Last week, the DOJ announced its first corporate enforcement action under the Foreign Corrupt Practice Act (“FCPA”) for 2015. IAP World Services, Inc., a Florida-based defense and government contractor, agreed to pay $7.1 million in a non-prosecution agreement (NPA) for conspiring to bribe Kuwaiti officials in exchange for a contract to build a large-scale homeland surveillance system in Kuwait. The primary employee involved, James Rama, pleaded guilty to one count of conspiracy to violate the FCPA. (see here for criminal information and here for plea agreement). Fresh off the heels of the announcement that the DOJ has declined to prosecute Petro Tiger (only the second publicly-acknowledged declination of its kind), the IAP settlement is the first significant case from the DOJ in a year where FCPA enforcement has thus far been dominated by the SEC.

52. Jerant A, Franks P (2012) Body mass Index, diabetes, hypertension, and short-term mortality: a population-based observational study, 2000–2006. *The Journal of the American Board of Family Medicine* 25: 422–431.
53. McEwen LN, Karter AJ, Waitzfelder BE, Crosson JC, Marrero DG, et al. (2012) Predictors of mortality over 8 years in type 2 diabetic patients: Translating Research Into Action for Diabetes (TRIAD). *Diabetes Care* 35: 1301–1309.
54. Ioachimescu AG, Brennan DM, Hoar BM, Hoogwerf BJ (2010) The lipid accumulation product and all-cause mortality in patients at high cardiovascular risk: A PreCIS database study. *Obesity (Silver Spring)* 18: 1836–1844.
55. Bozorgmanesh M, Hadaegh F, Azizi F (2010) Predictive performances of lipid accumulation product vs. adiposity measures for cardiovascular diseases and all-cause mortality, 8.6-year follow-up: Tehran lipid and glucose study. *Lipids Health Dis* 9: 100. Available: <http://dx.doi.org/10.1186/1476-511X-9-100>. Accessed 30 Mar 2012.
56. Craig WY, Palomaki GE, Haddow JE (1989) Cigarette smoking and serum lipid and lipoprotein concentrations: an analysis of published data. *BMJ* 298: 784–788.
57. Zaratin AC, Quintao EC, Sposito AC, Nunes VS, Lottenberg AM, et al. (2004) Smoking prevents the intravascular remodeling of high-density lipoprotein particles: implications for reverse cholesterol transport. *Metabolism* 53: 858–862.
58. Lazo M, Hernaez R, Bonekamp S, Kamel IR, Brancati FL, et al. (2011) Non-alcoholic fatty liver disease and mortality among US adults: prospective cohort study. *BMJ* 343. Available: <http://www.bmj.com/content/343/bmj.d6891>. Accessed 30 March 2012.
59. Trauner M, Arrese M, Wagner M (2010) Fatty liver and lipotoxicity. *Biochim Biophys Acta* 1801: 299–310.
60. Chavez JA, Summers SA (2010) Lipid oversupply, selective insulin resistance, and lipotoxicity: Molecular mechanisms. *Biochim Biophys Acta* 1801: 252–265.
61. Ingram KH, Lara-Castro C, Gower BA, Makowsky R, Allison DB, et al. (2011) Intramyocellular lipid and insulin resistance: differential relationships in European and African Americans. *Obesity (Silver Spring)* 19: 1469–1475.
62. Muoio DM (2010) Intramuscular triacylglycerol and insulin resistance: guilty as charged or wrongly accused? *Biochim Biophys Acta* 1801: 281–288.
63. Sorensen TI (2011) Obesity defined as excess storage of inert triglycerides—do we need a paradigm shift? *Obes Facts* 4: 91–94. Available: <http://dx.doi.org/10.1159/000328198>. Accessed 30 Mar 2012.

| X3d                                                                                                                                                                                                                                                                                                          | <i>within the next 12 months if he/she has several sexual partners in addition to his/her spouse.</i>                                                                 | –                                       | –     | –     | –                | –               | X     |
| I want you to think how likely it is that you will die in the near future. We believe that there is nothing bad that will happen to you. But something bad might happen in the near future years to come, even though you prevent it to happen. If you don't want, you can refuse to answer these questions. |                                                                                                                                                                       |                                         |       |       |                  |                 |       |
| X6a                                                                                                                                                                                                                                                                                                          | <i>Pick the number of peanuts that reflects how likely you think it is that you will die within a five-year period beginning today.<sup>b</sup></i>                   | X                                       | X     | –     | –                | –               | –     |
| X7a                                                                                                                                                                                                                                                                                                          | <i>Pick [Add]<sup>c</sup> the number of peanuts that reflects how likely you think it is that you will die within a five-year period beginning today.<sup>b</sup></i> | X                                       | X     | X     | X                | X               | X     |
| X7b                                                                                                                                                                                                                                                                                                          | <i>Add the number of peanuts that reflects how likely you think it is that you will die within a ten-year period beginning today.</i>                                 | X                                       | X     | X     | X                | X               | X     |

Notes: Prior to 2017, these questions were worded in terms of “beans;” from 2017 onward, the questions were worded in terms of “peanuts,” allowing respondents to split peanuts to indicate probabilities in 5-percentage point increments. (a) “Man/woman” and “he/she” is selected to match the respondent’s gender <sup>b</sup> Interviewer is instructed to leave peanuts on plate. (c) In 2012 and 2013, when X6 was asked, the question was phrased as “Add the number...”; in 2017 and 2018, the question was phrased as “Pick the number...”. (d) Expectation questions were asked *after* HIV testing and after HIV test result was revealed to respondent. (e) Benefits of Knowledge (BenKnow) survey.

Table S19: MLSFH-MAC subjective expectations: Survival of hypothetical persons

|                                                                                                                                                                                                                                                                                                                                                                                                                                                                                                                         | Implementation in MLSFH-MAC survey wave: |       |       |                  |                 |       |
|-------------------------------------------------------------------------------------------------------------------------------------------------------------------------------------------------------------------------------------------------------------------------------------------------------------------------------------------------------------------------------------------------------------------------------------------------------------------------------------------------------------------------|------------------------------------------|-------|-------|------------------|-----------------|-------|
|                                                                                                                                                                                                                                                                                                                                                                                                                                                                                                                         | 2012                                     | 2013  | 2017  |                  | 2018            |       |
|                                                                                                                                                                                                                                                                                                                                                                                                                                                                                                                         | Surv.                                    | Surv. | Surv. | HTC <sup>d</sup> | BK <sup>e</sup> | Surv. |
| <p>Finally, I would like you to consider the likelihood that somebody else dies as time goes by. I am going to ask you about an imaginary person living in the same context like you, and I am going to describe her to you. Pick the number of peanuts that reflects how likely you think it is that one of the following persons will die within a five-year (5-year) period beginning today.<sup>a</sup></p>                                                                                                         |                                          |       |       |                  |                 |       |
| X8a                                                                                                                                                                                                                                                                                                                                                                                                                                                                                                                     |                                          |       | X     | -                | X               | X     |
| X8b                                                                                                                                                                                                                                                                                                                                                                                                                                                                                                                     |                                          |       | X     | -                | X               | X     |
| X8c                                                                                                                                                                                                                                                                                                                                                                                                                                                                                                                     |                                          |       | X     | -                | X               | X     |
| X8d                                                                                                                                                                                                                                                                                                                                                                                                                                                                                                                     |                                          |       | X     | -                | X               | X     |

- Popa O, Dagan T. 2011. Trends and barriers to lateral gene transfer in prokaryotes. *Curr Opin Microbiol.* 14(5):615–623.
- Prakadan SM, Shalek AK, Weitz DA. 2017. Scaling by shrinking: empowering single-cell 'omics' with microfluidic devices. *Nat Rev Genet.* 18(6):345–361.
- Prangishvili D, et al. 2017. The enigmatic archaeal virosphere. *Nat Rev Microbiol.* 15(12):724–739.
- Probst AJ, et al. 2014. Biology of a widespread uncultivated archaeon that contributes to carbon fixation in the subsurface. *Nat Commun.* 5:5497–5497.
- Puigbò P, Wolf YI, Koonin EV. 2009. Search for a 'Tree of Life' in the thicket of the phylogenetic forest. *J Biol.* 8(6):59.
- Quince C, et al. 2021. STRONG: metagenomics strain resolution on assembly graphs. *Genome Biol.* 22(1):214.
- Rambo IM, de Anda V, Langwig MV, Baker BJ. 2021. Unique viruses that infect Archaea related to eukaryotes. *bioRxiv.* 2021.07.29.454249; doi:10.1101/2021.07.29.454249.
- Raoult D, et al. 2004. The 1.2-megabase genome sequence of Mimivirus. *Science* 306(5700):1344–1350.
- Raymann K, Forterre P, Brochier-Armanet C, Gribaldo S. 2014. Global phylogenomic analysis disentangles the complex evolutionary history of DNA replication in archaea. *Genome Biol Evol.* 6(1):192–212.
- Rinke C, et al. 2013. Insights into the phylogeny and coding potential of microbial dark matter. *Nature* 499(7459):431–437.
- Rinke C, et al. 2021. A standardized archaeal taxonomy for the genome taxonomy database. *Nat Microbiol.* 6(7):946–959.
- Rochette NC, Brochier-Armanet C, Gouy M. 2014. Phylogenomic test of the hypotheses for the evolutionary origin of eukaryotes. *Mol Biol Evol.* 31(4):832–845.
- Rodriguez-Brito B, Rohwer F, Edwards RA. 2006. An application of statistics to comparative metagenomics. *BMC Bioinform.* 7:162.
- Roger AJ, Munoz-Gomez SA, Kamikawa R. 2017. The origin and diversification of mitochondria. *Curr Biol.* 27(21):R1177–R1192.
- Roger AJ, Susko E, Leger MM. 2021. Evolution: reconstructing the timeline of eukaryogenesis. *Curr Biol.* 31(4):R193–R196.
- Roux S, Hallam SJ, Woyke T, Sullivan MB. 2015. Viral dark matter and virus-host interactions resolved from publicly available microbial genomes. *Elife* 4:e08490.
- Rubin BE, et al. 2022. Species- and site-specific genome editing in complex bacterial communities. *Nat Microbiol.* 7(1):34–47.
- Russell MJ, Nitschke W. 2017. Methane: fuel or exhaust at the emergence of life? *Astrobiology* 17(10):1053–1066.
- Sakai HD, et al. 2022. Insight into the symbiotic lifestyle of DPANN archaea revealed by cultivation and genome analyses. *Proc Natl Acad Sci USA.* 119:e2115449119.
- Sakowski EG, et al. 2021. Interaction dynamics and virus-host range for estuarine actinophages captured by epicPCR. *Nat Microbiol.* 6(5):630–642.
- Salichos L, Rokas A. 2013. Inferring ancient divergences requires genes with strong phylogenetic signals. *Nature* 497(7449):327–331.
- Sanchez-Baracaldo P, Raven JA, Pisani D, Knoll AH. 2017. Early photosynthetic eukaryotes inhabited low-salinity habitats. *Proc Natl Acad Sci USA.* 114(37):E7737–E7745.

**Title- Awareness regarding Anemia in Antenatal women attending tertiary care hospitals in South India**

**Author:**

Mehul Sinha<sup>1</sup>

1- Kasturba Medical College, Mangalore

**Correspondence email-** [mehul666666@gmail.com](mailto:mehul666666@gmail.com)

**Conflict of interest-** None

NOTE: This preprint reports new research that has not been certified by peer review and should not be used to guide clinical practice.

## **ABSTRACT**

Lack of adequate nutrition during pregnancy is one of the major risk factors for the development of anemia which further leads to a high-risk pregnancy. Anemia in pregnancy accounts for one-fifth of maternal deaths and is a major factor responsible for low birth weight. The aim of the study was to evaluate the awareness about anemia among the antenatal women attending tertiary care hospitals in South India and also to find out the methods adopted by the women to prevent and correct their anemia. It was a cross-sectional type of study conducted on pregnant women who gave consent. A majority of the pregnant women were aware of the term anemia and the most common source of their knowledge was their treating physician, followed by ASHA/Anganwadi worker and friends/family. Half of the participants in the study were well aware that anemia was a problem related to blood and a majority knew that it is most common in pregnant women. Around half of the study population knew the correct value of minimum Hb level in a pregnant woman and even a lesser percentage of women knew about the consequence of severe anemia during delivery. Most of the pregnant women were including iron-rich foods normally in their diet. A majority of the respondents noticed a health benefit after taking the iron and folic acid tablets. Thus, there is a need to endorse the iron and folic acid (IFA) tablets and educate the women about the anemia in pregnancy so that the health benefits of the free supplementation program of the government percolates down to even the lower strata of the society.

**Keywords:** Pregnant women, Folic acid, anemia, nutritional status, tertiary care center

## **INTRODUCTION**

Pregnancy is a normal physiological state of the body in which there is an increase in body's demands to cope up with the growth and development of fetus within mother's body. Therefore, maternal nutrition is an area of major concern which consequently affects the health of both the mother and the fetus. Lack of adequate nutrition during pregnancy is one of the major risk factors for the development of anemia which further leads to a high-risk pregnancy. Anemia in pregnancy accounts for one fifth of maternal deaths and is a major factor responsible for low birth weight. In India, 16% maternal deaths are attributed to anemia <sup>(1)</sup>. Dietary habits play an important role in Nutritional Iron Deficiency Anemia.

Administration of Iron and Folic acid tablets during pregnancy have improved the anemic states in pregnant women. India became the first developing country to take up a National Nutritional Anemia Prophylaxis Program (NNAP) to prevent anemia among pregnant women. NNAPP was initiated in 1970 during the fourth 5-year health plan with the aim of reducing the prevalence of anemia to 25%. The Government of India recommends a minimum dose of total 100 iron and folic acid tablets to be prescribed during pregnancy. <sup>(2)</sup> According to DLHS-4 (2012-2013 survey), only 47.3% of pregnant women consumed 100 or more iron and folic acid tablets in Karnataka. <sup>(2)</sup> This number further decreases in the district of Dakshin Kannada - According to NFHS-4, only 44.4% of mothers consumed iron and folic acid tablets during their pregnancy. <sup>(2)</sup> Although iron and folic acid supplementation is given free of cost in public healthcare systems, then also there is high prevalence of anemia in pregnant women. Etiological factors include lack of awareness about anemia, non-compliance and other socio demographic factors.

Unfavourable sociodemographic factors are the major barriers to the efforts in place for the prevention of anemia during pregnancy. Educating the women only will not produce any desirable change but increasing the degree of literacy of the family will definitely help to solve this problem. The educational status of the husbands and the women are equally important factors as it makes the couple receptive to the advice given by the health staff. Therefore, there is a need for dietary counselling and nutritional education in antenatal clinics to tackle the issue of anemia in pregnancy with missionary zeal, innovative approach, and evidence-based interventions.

According to the NPA, Kuwait’s Ministry of the Interior started a homeland security project in 2004, which was divided into two phases. Rama and others allegedly created a shell company, Ramaco, which bid on and won the Phase I contract. Rama and IAP allegedly designated half of the approximately $4 million Ramaco received from the Phase I contract to bribe Kuwaiti officials through a consultant to assist IAP in gaining the lucrative Phase II contract.